A million gather for Pope's Mass in Seoul

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“Korea’s first apostles were lay people!” Hundred of thousands of faithful (800,000 according to Fr. Lombardi’s estimates, a million according to the organisers) gathered today in the muggy heat to hear to Francis speak at the mass for the beatification of 124 Korean martyrs. They listened in silence, in the great Gwanghwamun Square in Seoul. The Pope took the opportunity on the third day of his Korean visit to stress the important role the laity plays in the Church’s mission. During the long wait before the Pope’s arrival, faithful recited the Rosary and sang. Francis travelled the length and breadth of the square to greet as many people as he could.

The mass - which was celebrated in red, the colour which symbolises martyrdom - began with the beatification rite. Paul Yun Ji-Chung and his 123 fellow martyrs were part of the first generation of Korean Catholics. Paul was martyred with his cousin for violating Confucian rituals by organising a Catholic funeral for his mother. Only one of the individuals in this group of martyrs was a priest, James Ju Mun-mo, the rest were all lay people. Ju Mun-mo was a Chinese man, the first priest to enter Korea and the first to celebrate mass in this land. He was known for his missionary work and after six years of service in Korea, the number of Catholics in the country had grown to ten thousand. He was decapitated and his head put on display and exposed to public mockery. When the image of the 124 newly beatified men appeared on the giant screens on either side of the altar, the crowds broke into a long applause.

“Christ is victorious and his victory is ours! Today we celebrate this victory in Paul Yun Ji-chung and his 123 companions. All of them lived and died for Christ, and now they reign with him in joy and in glory. With Saint Paul, they tell us that, in the death and resurrection of his Son, God has granted us the greatest victory of all,” Francis said in his homily. He emphasised the importance of their lay vocation by virtue of baptism. In God’s mysterious providence, the Christian faith was not brought to the shores of Korea through missionaries; rather, it entered through the hearts and minds of the Korean people themselves. It was prompted by intellectual curiosity, the search for religious truth. Through an initial encounter with the Gospel, the first Korean Christians opened their minds to Jesus. They wanted to know more about this Christ who suffered, died, and rose from the dead.”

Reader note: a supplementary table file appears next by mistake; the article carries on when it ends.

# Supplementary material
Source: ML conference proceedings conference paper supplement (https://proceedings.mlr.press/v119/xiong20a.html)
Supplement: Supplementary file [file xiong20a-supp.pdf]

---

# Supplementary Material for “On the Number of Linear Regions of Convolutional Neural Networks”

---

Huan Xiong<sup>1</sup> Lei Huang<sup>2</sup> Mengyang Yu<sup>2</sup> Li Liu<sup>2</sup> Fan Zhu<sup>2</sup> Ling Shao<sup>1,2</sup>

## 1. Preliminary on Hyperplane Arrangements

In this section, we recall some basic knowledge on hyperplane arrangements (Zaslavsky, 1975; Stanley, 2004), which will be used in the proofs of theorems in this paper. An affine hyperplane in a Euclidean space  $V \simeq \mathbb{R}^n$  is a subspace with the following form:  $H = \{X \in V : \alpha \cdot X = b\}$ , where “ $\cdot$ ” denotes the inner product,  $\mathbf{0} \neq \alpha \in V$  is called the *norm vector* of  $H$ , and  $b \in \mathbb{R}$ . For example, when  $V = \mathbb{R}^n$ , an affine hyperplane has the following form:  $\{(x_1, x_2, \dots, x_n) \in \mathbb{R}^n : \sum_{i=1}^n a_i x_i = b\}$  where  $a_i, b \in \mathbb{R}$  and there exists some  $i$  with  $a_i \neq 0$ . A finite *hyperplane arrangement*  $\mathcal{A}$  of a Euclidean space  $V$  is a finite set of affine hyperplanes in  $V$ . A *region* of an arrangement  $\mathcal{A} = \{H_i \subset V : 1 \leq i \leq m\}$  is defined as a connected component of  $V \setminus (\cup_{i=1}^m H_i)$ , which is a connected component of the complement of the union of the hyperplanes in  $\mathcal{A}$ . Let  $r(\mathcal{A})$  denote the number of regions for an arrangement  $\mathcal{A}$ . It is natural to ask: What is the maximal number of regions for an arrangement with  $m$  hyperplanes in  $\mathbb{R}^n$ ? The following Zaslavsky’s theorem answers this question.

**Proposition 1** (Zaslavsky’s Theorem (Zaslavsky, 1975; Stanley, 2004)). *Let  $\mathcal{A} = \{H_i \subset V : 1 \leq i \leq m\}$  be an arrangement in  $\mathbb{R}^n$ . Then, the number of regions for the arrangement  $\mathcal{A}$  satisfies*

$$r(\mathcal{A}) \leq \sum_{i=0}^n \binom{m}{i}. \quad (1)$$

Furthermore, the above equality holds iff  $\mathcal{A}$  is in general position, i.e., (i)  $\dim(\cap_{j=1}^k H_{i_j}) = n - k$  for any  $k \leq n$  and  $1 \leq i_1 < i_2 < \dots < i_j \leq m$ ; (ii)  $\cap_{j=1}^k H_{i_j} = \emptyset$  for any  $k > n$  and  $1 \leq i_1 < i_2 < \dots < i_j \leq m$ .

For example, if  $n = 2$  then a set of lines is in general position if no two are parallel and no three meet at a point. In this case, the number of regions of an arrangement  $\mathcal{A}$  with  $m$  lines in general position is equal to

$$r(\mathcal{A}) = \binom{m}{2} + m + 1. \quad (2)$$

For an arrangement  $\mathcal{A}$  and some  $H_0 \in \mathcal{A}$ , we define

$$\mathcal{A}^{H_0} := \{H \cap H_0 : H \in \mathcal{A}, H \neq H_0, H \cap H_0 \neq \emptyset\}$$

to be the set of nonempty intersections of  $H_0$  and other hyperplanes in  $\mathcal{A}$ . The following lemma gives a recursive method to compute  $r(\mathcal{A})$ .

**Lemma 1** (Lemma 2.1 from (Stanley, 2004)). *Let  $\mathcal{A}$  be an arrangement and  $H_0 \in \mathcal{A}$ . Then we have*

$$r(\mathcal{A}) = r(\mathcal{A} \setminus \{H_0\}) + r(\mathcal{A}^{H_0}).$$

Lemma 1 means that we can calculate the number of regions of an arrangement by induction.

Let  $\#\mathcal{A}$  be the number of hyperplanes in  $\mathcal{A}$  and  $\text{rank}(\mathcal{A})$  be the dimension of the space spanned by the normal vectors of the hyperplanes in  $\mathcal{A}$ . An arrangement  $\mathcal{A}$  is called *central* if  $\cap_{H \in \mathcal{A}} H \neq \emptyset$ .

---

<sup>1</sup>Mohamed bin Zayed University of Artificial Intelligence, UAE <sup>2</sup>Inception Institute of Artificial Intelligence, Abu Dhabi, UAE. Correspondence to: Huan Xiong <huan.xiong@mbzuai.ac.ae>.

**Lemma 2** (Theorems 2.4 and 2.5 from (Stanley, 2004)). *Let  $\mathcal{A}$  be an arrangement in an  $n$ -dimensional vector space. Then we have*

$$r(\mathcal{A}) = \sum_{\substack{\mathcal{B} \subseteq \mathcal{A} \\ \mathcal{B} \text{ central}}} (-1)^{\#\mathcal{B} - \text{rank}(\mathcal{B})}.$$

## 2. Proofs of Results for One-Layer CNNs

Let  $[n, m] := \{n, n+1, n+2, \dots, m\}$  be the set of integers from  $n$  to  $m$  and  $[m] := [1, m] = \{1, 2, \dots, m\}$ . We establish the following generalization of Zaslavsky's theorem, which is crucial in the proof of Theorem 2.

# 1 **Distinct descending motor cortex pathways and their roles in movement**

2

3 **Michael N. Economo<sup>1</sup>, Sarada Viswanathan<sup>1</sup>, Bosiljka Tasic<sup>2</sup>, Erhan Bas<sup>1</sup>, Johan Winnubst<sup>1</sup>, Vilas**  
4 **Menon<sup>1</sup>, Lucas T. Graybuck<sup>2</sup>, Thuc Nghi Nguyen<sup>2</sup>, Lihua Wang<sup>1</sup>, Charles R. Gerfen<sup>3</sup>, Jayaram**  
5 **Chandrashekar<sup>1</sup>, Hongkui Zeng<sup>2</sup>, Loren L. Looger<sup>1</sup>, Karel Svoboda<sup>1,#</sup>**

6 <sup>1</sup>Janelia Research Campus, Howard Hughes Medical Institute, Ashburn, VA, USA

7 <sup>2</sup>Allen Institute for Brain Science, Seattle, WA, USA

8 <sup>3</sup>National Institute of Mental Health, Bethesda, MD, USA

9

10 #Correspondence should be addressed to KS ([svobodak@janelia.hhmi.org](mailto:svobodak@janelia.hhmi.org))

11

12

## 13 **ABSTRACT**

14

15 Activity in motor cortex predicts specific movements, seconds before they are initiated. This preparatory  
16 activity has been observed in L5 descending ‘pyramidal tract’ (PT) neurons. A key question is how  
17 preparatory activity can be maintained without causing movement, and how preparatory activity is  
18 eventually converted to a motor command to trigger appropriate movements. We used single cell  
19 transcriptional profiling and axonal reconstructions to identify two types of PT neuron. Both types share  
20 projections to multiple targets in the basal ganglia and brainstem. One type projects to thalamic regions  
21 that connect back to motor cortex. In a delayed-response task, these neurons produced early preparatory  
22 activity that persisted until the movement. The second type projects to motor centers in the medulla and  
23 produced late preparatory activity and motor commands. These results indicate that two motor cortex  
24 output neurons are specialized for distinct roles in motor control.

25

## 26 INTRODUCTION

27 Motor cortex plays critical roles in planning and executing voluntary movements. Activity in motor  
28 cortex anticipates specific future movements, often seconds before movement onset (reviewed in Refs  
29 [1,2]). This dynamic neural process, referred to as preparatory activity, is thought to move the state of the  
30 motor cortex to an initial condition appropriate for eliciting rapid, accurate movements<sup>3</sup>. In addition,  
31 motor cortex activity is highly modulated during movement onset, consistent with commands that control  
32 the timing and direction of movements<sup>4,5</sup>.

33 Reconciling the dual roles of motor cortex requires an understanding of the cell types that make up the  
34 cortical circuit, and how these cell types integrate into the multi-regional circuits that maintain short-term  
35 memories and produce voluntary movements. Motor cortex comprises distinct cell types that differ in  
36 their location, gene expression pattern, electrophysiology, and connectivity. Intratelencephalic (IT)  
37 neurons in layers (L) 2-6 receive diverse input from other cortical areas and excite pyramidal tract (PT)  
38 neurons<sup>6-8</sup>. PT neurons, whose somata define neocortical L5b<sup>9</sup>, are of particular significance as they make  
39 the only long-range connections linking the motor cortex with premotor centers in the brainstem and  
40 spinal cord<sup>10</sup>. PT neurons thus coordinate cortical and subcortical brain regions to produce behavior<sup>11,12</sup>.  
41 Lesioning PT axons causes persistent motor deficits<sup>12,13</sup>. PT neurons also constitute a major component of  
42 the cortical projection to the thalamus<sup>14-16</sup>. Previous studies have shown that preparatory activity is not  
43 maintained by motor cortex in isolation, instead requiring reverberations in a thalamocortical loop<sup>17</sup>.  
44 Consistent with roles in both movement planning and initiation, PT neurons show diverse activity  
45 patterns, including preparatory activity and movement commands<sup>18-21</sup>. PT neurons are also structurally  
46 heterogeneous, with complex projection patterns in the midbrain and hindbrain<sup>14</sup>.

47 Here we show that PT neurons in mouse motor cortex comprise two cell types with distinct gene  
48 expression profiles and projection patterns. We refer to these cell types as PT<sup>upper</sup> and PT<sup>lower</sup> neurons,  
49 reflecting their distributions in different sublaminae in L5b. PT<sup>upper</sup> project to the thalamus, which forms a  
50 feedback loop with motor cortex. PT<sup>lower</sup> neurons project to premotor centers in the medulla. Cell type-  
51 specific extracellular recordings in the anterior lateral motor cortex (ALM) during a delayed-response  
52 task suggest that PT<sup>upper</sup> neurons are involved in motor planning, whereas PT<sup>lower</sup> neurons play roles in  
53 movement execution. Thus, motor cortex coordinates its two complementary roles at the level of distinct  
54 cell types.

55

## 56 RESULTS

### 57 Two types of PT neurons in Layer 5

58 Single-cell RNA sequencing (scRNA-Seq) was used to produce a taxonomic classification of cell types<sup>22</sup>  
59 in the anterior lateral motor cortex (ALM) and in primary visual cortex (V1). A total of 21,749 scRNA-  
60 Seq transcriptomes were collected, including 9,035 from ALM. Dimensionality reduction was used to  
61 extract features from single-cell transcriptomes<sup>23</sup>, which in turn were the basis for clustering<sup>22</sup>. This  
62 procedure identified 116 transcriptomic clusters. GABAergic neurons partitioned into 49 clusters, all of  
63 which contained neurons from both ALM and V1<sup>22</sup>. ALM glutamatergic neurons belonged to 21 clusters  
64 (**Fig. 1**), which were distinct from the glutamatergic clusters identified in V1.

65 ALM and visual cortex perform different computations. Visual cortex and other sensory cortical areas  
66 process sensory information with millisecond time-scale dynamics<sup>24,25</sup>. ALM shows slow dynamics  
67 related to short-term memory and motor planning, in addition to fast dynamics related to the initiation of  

“Korea’s first apostles were lay people,” the Pope said, adding a few new phrases to the prepared text . “This history tells us much about the importance, the dignity and the beauty of the vocation of the laity. I greet the many lay faithful present, and in particular the Christian families who daily by their example teach the faith and the reconciling love of Christ to our young.” Francis reminded priests and the consecrated that Jesus does not ask the Father “to take us out of the world. He sends his disciples forth to be a leaven of holiness and truth in the world ... In this, the martyrs show us the way.”

Francis pointed out that the new blesseds “knew the cost of discipleship. They were willing to make great sacrifices and let themselves be stripped of whatever kept them from Christ – possessions and land, prestige and honour – for they knew that Christ alone was their true treasure.” “So often today we find our faith challenged by the world and in countless ways we are asked to compromise our faith, to water down the radical demands of the Gospel and to conform to the spirit of this age. Yet the martyrs call out to us to put Christ first and to see all else in this world in relation to Him and His eternal Kingdom. They challenge us to think about what, if anything, we ourselves would be willing to die for.”

Finally, the Pope reiterated the importance of supporting the poor. “The example of the martyrs also teaches us the importance of charity in the life of faith. It was the purity of their witness to Christ, expressed in an acceptance of the equal dignity of all the baptised which led them to a form of fraternal life that challenged the rigid social structures of their day.” Francis explained that these martyrs refused to separate the twin commandment of love of God and love of neighbour which impelled them to such great solicitude for the needs of the brethren.” “Their example,” Francis concluded, “has much to say to us who live in societies where, alongside immense wealth, dire poverty is silently growing; where the cry of the poor is seldom heeded; and where Christ continues to call out to us, asking us to love and serve him by tending to our brothers and sisters in need.”

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By Andrea Tornielli